“We may firmly believe that we are developing ways of regulating technology. But is it perhaps more likely that the effort will merely succeed in putting a more elegant administrative façade on old layers of reverse adapted rules, regulations, and practices?” (Winner, 320)

In other words…perhaps you really do need to consider getting rid of your smartphone. Or at the very least, perhaps you really need to think through this matter. A critical thinking tool that can be of great value when contemplating technology is to run any technology through the contemplative gauntlet of Neil Postman’s Six Questions for Technology (to which this writer has affixed a seventh question) as elaborated by Postman in his book Building a Bridge to the 18th Century. While thinking through these questions regarding a particular technology is always useful, perhaps what is needed is a slight reworking of some of these questions so that they better target us as individuals. After all, the first question:

“What is the problem to which this technology is the solution?” (Postman,  42)

provides a fair amount of wiggle room for individuals to pull themselves out of the equation and instead focus upon some abstract societal issue that a technology could be seen as addressing (and in a technological society it seems that “life in technological society” becomes a “problem” for which a given technology may be “the solution). Yet it is in a deeper consideration of Postman’s fourth and fifth questions –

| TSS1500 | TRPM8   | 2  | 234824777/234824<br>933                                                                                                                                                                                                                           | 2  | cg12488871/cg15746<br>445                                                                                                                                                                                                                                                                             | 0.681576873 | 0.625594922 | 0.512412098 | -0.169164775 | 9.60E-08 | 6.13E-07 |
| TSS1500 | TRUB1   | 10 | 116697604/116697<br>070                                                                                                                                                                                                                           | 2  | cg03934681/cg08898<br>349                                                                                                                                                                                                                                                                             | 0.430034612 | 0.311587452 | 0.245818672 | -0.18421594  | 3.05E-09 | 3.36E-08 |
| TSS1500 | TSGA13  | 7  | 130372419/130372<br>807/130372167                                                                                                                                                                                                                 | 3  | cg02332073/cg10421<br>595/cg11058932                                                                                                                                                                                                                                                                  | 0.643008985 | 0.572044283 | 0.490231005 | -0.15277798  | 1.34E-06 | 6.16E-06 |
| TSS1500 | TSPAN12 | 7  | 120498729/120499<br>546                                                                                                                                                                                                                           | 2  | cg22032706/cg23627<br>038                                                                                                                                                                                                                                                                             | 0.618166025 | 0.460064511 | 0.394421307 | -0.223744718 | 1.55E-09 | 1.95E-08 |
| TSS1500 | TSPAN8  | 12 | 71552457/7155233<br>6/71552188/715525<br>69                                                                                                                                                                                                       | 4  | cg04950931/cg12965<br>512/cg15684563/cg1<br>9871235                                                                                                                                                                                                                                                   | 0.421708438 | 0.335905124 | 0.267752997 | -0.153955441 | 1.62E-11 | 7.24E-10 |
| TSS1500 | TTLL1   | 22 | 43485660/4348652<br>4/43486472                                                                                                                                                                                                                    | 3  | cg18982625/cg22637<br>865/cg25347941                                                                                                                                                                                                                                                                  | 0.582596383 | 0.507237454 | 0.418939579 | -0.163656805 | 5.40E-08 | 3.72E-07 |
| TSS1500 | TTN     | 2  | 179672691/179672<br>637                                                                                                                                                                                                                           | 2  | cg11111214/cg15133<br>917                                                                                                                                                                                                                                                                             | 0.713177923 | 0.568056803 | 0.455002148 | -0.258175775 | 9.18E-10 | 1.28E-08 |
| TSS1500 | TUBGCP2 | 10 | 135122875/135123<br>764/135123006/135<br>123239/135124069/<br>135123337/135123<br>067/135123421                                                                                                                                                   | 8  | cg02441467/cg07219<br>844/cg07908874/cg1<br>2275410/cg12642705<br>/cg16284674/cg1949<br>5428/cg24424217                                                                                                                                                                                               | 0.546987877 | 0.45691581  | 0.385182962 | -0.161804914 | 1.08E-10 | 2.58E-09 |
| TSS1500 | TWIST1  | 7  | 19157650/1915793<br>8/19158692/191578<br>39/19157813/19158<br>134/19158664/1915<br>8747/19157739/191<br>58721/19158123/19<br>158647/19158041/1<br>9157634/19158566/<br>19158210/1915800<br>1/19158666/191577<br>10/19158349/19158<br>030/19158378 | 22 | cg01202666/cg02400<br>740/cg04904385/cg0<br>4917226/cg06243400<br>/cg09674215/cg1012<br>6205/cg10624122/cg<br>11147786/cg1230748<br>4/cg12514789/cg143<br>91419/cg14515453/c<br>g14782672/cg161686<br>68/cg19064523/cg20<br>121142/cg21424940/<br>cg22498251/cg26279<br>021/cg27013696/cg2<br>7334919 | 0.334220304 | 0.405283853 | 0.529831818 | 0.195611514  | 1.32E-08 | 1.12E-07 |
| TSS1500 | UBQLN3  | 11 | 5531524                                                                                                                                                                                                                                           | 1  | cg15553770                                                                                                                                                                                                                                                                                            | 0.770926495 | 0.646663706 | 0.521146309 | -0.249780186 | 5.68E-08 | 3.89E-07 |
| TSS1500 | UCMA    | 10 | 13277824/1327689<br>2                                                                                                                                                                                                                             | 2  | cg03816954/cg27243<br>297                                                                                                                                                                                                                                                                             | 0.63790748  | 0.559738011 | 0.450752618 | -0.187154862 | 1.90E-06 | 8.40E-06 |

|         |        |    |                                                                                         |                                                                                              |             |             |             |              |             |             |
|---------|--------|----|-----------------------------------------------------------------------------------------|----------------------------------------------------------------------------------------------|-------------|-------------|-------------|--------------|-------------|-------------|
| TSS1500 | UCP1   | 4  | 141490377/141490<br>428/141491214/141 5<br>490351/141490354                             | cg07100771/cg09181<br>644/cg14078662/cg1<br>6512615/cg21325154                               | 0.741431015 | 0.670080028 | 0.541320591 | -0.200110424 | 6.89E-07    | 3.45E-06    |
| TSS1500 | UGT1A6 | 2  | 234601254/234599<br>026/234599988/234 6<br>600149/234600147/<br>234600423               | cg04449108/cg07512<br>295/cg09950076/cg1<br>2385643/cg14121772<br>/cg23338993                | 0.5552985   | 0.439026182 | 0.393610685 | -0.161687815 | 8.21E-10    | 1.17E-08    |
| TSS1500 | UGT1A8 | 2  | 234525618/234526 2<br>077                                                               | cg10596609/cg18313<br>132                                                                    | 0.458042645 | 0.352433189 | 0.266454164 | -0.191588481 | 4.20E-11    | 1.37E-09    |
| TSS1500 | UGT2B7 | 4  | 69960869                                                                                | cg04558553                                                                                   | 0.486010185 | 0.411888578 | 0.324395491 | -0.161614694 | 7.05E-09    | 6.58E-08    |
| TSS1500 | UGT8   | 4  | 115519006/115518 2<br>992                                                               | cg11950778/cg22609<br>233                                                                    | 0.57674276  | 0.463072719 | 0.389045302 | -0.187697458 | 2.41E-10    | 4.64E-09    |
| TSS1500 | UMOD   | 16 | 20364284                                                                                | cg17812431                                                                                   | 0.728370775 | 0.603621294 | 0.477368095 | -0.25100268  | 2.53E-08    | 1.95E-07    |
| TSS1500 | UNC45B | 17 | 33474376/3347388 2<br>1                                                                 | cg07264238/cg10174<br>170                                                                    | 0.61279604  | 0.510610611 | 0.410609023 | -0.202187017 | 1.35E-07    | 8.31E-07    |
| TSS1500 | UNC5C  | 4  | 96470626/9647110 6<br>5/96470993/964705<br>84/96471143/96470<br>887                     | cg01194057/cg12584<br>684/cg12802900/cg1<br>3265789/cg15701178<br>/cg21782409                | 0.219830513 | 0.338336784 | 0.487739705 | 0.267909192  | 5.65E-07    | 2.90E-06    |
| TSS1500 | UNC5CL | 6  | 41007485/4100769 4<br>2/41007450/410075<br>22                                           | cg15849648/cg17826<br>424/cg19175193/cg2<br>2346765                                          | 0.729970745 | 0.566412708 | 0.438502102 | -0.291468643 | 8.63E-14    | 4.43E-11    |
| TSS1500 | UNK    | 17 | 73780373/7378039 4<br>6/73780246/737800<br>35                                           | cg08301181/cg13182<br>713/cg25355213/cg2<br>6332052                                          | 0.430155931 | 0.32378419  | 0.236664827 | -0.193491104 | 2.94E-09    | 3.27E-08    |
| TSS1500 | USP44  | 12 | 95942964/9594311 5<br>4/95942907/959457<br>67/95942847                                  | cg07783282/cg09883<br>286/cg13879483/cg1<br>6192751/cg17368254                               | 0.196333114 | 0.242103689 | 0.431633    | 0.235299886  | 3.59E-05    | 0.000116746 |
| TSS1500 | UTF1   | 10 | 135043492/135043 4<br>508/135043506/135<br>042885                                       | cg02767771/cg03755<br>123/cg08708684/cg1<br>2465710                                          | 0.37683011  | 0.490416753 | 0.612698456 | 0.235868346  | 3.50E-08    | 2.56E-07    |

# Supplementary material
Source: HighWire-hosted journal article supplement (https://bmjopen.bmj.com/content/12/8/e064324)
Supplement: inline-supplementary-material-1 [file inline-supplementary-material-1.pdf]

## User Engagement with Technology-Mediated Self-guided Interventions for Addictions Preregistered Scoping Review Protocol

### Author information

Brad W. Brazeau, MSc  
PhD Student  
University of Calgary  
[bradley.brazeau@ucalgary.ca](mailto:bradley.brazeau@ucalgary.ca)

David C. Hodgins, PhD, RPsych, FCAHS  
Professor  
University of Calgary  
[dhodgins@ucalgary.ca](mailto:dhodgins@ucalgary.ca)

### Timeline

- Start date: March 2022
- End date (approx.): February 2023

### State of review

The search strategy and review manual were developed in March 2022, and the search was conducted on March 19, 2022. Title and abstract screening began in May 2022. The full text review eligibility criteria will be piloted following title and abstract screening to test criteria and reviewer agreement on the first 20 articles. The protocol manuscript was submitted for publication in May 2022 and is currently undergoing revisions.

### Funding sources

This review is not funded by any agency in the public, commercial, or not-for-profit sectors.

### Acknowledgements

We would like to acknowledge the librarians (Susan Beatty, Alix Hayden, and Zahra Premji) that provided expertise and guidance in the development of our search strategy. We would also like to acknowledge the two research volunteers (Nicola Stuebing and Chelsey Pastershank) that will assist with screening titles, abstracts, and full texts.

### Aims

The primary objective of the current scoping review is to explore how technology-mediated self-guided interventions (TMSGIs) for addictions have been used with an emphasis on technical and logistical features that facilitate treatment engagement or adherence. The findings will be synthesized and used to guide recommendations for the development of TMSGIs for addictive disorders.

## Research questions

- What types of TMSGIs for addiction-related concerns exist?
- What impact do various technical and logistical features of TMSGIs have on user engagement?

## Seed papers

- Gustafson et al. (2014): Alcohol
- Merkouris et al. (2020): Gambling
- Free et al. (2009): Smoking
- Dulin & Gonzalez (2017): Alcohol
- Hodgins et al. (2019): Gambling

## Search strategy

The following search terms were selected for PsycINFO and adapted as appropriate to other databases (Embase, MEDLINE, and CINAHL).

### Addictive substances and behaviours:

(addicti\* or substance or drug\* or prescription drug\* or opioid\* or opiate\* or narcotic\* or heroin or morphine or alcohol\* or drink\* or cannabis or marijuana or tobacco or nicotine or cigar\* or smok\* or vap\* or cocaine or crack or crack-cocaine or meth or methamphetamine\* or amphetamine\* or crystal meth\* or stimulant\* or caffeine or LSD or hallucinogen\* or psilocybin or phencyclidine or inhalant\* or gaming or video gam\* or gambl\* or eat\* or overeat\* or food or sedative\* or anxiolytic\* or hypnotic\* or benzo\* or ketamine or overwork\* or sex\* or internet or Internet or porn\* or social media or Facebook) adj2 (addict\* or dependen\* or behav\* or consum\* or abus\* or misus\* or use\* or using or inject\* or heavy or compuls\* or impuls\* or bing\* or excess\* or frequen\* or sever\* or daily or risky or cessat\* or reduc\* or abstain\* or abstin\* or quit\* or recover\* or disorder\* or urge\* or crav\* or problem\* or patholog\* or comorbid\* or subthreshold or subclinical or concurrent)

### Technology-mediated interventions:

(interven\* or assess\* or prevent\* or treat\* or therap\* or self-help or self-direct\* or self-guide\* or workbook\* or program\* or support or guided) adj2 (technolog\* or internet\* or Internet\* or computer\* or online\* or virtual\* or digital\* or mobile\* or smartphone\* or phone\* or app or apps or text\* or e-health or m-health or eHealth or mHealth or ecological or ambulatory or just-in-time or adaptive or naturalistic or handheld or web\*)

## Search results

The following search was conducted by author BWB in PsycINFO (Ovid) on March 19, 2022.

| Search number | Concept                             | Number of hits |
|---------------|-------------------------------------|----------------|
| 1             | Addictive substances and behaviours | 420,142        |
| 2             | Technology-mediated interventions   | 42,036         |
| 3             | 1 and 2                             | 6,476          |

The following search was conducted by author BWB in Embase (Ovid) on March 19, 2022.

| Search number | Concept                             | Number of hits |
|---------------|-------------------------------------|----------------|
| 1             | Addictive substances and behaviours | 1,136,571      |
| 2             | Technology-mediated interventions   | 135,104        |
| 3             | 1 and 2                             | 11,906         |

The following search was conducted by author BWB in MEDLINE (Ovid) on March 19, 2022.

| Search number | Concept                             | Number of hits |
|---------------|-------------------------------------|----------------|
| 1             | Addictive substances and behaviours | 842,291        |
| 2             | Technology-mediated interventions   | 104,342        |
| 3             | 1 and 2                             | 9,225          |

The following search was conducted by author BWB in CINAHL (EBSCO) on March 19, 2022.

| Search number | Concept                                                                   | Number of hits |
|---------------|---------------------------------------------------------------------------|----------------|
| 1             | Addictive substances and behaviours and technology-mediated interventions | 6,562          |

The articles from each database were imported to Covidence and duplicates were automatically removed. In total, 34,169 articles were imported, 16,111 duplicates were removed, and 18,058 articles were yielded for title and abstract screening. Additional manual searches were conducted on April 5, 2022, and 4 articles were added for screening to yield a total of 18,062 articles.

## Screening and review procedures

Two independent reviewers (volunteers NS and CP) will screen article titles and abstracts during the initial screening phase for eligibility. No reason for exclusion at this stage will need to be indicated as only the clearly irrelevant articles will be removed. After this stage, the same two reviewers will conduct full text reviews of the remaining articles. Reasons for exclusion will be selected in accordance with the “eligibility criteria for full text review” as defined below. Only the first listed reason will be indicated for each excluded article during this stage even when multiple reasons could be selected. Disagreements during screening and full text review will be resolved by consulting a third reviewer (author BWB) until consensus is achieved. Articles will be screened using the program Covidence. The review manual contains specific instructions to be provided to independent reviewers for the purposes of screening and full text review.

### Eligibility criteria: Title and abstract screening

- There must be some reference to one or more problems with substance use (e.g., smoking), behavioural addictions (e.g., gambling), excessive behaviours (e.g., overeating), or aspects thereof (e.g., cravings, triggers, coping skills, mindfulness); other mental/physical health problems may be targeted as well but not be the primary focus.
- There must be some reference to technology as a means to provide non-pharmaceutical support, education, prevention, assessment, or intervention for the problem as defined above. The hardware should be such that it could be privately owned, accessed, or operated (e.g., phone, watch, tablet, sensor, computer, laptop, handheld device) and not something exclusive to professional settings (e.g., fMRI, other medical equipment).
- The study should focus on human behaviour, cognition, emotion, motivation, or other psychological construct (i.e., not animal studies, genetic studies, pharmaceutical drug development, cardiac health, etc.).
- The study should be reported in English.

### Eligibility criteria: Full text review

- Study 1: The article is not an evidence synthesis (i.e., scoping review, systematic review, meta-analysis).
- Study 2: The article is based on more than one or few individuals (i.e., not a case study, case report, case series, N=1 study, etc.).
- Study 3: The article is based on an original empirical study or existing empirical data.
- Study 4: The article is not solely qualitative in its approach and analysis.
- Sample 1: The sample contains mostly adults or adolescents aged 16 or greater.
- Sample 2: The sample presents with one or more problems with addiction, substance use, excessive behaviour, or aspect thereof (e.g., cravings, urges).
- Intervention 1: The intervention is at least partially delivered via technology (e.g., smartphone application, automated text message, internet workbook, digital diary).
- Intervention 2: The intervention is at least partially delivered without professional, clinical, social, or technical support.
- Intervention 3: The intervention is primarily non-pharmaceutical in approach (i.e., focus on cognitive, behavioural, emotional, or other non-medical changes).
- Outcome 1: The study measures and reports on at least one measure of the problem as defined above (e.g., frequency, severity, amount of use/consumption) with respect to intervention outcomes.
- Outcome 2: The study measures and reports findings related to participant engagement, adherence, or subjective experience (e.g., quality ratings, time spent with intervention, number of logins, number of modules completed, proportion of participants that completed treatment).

“What new problems might be created because we have solved this problem?” (Postman, 45)

“What sort of people and institutions might acquire special economic and political power because of technological change?” (Postman, 45)

– that it becomes evident how badly we need to rework that first question. The recent news stories have made it undeniably clear that the answers to the fourth and fifth questions involve the NSA and information hungry tech companies, and the new problems and gathering of ever greater “economic and political power” demands a reassessment of the first question. Indeed, it seems that the first question in our current context should clearly read:

“What is my problem to which this technology is the solution?”

While Postman’s second question should be changed to:

“Is this really my problem?”

While it is always valuable to think critically about the world – and about technology – the answers we arrive at to these questions must compel us to some type of real action in our own lives as regards our technology usage, otherwise we risk remaining “complicit.”